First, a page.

A Comparative Analysis of Korean and American Prospective Teachers' Perceptions of LGBTQ Issues

Keywords: homosexuality, heteronormativity, homophobia, prospective teachers, teacher education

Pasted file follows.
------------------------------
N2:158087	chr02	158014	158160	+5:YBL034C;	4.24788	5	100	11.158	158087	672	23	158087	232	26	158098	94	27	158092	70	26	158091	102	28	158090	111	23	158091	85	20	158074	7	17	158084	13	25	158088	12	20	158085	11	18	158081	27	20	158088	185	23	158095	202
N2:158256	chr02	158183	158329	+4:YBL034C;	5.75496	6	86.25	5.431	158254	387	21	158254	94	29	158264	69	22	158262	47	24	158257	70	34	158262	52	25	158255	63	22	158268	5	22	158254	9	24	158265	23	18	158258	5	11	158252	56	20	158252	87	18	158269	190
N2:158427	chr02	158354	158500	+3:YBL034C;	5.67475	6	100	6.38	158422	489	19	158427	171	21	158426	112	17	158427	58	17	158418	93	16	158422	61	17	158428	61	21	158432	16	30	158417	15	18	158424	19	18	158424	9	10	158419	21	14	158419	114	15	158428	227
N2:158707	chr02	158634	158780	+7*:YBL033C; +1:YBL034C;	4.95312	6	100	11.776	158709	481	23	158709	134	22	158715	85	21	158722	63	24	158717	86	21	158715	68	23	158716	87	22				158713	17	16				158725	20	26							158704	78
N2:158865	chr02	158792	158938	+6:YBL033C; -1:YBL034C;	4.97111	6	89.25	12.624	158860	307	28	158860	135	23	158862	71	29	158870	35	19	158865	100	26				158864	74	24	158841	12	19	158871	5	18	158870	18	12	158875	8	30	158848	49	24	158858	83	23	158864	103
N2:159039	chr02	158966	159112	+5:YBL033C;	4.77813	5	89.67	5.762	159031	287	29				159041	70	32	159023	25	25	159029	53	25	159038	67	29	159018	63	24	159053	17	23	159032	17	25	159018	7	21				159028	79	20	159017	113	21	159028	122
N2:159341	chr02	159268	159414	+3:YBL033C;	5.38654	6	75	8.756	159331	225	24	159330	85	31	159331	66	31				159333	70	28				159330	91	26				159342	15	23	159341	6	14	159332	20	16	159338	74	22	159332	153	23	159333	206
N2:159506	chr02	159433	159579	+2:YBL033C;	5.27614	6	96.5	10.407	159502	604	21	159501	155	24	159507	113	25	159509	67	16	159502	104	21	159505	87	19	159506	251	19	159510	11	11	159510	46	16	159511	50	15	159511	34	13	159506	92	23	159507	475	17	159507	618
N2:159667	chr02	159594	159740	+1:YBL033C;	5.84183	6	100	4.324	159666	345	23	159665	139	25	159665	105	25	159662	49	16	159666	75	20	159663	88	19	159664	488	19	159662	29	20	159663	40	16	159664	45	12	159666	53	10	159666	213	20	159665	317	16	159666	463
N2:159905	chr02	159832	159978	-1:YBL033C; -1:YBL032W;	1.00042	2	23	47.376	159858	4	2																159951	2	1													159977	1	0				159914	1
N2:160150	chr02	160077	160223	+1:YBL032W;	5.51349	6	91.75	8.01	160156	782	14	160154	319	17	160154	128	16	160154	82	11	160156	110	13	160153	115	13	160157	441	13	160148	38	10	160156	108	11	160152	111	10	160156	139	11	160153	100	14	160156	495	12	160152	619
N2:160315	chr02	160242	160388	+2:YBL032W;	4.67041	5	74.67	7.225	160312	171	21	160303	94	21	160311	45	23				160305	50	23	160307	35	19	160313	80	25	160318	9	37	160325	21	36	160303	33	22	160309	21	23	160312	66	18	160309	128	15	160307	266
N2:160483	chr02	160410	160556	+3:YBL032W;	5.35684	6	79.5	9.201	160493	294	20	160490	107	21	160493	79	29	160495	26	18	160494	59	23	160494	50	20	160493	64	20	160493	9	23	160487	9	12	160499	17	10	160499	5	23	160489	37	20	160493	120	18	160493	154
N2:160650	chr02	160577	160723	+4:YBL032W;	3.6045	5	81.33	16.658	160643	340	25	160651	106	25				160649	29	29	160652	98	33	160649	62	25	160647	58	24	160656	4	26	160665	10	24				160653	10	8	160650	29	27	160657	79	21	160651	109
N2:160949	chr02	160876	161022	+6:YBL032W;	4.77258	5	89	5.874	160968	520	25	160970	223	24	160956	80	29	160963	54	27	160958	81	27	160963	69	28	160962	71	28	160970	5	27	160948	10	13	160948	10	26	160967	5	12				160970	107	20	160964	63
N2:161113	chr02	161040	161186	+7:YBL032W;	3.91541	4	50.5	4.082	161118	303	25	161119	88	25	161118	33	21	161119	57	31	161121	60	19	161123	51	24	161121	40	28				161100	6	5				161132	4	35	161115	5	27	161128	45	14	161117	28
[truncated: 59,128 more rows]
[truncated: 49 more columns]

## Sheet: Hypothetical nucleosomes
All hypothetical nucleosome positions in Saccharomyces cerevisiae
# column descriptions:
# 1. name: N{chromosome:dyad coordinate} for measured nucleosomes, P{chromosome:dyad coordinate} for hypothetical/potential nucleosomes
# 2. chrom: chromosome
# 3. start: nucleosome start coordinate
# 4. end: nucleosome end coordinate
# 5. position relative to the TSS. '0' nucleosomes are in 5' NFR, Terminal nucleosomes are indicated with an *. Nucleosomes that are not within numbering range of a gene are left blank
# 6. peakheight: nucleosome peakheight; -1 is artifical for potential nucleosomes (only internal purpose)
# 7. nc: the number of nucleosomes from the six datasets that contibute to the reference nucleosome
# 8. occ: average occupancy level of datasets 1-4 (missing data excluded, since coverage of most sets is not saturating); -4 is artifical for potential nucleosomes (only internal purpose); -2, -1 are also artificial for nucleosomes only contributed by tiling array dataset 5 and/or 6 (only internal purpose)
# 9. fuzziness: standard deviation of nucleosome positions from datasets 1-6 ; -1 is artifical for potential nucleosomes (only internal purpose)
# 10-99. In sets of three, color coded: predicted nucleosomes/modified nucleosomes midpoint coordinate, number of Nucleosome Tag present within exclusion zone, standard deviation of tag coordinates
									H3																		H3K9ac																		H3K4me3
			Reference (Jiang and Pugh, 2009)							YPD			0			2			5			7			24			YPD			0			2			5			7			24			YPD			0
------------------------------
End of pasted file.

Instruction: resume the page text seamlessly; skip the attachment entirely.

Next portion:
Korea and the US have different levels of tolerance toward homosexuality. At the same time, the school in both countries is considered to reinforce homophobia and heteronormativity. This study focuses on juxtaposing Korean and American prospective teachers to compare their past and current understanding and attitudes toward homosexuality. The research highlights the differences and similarities between the attitudes of the prospective teachers from the two countries and analyses reasons behind these attitudes. This study also examines how the participants face their own biases, understand the complicated issues related to sexual minorities, challenge their own perceptions, and decide whether they would change or keep them. Ten Korean and 10 American prospective teachers participated in a journal writing project guided by anti-homophobic discourses. In the beginning of the project, the Korean participants displayed greater homophobia in a more drastic way than the American participants did. However, the difference between the two countries might be only superficial in that heterosexuality is placed as a norm in both countries. In other words, even though homosexuality is more tolerated in American society, it does not mean that it is accepted as part of the norm. At the end of the project, the American and the Korean participants agreed that heterosexist beliefs and practices permeate society and that such social institutions as schools play an important role in reproducing and reinforcing homophobia. However, three American participants remained silent on the final question of whether they would fight against homophobia and three Korean participants decided not to support homosexual issues. If one says nothing, one cannot be accused of homophobia. By their silence, they voiced their true feelings on the issue, that they didn't support it, showing that silence is far from neutral in a heterosexual society.